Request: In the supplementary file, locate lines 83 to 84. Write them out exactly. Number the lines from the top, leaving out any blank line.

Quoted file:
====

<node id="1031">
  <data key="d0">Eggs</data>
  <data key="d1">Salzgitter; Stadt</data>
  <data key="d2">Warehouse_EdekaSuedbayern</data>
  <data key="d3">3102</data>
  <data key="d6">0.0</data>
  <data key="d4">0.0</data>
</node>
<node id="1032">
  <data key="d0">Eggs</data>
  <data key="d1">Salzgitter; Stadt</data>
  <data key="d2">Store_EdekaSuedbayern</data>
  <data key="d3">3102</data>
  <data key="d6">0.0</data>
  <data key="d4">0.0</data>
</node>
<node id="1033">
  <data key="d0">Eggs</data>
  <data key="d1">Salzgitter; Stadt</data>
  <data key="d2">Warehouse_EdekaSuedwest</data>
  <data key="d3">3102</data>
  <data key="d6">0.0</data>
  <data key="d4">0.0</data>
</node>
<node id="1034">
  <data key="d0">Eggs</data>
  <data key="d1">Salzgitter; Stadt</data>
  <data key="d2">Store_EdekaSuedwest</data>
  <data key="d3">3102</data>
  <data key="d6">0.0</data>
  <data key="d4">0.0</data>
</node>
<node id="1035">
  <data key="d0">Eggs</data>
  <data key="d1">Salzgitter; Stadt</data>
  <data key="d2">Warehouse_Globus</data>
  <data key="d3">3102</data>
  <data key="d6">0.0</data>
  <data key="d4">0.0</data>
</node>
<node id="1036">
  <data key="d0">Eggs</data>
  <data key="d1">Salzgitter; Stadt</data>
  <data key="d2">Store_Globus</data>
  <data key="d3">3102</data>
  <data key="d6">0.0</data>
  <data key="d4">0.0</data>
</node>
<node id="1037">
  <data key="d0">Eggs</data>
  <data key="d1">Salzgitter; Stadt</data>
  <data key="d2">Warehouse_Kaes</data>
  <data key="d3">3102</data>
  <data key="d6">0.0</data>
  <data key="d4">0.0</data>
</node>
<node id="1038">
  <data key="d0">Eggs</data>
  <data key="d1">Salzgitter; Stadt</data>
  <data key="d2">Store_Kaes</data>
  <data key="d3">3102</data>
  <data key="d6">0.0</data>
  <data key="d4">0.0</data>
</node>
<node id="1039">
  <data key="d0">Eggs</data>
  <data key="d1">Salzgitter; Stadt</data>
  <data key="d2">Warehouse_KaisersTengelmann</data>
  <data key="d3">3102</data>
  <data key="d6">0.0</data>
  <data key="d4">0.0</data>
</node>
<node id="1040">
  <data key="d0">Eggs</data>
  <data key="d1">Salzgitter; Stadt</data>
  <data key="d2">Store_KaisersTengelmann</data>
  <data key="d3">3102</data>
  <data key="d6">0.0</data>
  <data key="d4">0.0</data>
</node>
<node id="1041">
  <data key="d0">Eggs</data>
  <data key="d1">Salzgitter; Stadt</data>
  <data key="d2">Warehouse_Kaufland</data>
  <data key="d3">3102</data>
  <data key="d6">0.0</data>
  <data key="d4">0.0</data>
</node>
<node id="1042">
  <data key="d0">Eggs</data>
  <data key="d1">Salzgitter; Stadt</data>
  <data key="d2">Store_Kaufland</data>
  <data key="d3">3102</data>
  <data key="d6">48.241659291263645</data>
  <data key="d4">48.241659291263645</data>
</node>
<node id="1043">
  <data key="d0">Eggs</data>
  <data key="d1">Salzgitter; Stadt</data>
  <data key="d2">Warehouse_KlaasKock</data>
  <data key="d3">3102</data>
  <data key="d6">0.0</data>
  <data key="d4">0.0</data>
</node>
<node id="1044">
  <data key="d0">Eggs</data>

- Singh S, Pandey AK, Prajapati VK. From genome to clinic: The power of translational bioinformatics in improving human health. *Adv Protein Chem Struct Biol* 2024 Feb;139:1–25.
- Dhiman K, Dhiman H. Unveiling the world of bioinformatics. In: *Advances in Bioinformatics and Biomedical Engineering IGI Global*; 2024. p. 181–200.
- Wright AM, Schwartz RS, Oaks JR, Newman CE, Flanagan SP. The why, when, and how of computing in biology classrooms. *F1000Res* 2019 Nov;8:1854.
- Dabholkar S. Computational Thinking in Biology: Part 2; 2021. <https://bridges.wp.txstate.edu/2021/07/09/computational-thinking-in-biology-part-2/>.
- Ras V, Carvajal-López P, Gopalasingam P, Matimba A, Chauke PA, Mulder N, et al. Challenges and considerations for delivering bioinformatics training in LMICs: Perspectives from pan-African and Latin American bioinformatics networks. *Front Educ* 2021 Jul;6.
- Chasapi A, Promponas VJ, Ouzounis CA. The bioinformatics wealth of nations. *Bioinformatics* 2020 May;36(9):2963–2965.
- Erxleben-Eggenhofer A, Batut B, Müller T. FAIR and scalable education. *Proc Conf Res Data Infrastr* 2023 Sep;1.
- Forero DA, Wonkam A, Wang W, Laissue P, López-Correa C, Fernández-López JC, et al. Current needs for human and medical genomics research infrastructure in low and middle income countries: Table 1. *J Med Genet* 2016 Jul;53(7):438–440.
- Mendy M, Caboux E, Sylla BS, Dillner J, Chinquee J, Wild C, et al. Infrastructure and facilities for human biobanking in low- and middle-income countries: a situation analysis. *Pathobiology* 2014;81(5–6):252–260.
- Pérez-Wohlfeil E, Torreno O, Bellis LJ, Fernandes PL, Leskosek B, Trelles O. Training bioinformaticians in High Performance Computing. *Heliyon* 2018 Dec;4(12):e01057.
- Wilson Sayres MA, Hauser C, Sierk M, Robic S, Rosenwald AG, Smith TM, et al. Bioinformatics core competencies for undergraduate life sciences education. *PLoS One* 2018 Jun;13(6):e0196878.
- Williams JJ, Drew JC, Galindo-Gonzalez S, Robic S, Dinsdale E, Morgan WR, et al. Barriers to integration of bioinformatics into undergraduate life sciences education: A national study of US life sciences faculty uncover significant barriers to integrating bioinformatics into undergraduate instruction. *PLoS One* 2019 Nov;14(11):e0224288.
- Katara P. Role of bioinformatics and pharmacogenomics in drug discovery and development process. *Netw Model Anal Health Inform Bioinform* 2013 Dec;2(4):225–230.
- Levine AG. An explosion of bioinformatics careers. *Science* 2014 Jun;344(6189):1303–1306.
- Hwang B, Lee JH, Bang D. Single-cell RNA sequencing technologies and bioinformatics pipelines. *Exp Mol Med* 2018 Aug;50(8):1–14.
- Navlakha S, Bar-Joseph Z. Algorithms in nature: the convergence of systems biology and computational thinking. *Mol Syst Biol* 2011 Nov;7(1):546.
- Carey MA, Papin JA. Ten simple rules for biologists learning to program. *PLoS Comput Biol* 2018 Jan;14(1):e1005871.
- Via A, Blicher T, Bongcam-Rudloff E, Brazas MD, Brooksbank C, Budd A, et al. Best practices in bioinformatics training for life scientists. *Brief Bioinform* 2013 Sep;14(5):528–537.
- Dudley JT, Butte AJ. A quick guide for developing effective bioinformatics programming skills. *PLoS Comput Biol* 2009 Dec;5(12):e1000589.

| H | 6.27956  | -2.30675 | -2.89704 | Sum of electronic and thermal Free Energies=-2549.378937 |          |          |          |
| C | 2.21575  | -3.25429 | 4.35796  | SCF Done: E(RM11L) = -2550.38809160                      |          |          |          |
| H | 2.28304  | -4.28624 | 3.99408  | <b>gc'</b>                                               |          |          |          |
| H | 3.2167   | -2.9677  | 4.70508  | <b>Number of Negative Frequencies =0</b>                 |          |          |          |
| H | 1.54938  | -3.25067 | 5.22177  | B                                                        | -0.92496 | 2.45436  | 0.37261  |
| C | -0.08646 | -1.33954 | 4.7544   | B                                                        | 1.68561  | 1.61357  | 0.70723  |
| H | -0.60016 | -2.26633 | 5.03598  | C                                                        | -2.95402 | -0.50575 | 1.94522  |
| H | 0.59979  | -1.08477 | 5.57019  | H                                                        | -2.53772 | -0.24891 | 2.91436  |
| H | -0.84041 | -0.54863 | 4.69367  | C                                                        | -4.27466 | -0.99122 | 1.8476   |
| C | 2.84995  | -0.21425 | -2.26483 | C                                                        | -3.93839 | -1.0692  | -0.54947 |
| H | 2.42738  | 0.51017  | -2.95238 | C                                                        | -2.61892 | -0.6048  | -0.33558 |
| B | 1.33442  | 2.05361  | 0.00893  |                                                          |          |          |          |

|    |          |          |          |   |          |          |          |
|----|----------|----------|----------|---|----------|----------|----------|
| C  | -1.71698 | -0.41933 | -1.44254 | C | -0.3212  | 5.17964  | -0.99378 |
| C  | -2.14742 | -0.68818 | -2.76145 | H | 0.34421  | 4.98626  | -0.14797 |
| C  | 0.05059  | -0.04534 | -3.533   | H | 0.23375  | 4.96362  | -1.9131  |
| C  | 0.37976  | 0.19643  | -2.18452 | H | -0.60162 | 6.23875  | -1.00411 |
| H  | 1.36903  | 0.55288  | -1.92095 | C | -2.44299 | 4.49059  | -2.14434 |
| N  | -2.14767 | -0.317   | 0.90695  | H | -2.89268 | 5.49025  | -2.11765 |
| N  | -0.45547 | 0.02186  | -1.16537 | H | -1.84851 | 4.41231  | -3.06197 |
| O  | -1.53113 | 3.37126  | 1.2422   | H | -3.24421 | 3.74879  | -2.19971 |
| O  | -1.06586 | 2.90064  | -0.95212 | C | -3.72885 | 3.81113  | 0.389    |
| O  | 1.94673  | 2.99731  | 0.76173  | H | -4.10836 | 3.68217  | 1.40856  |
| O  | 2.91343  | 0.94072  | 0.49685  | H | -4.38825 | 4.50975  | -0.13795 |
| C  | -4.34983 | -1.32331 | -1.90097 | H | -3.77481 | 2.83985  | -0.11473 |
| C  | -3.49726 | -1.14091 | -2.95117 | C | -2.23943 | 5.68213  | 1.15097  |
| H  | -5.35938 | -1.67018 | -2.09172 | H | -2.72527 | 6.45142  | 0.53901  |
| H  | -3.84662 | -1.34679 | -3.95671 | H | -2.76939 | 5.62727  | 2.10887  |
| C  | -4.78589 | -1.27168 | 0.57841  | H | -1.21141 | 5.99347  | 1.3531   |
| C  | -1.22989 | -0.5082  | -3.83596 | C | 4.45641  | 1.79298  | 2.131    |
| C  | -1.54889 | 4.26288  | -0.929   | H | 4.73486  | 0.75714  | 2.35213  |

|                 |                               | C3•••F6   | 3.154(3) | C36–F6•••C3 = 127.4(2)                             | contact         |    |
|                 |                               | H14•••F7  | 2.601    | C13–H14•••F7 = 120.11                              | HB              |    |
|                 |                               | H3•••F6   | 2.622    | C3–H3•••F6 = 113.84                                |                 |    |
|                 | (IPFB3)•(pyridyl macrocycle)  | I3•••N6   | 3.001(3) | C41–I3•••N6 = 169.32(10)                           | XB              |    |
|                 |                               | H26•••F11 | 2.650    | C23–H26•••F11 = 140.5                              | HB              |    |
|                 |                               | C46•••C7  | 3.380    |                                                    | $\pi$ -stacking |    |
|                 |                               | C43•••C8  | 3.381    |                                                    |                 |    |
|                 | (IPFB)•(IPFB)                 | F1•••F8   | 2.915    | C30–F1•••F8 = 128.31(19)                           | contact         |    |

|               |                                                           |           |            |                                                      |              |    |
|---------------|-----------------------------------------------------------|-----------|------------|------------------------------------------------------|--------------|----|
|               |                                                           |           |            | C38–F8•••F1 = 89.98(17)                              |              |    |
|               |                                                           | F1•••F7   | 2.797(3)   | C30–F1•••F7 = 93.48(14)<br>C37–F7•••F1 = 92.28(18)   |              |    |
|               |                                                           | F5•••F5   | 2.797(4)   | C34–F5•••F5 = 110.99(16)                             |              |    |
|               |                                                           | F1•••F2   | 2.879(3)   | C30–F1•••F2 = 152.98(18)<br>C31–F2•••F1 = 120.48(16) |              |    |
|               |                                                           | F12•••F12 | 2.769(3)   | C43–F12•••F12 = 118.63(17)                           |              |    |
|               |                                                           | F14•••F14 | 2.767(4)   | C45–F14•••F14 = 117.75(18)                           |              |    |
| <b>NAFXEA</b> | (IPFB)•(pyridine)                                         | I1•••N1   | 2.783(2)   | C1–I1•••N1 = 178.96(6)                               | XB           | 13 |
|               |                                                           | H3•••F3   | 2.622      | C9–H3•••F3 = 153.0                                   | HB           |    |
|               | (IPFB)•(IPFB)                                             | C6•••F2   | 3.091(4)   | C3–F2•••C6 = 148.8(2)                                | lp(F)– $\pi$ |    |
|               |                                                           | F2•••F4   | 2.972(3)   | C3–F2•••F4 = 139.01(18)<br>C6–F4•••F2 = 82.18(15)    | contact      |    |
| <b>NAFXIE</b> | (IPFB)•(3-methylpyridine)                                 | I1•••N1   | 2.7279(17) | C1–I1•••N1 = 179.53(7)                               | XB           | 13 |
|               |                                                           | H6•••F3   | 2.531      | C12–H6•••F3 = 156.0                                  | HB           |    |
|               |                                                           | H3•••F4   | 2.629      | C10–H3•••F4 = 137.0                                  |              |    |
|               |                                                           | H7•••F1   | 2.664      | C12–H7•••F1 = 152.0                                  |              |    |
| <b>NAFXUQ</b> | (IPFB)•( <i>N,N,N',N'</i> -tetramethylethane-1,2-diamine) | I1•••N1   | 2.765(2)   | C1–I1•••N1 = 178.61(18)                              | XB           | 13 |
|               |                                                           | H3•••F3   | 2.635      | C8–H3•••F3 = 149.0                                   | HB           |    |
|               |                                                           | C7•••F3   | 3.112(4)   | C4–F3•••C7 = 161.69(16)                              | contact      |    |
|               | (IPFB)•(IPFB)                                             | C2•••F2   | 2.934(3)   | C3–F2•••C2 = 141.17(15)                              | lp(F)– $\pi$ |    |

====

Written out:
  <data key="d1">Salzgitter; Stadt</data>
  <data key="d2">Warehouse_Kaufland</data>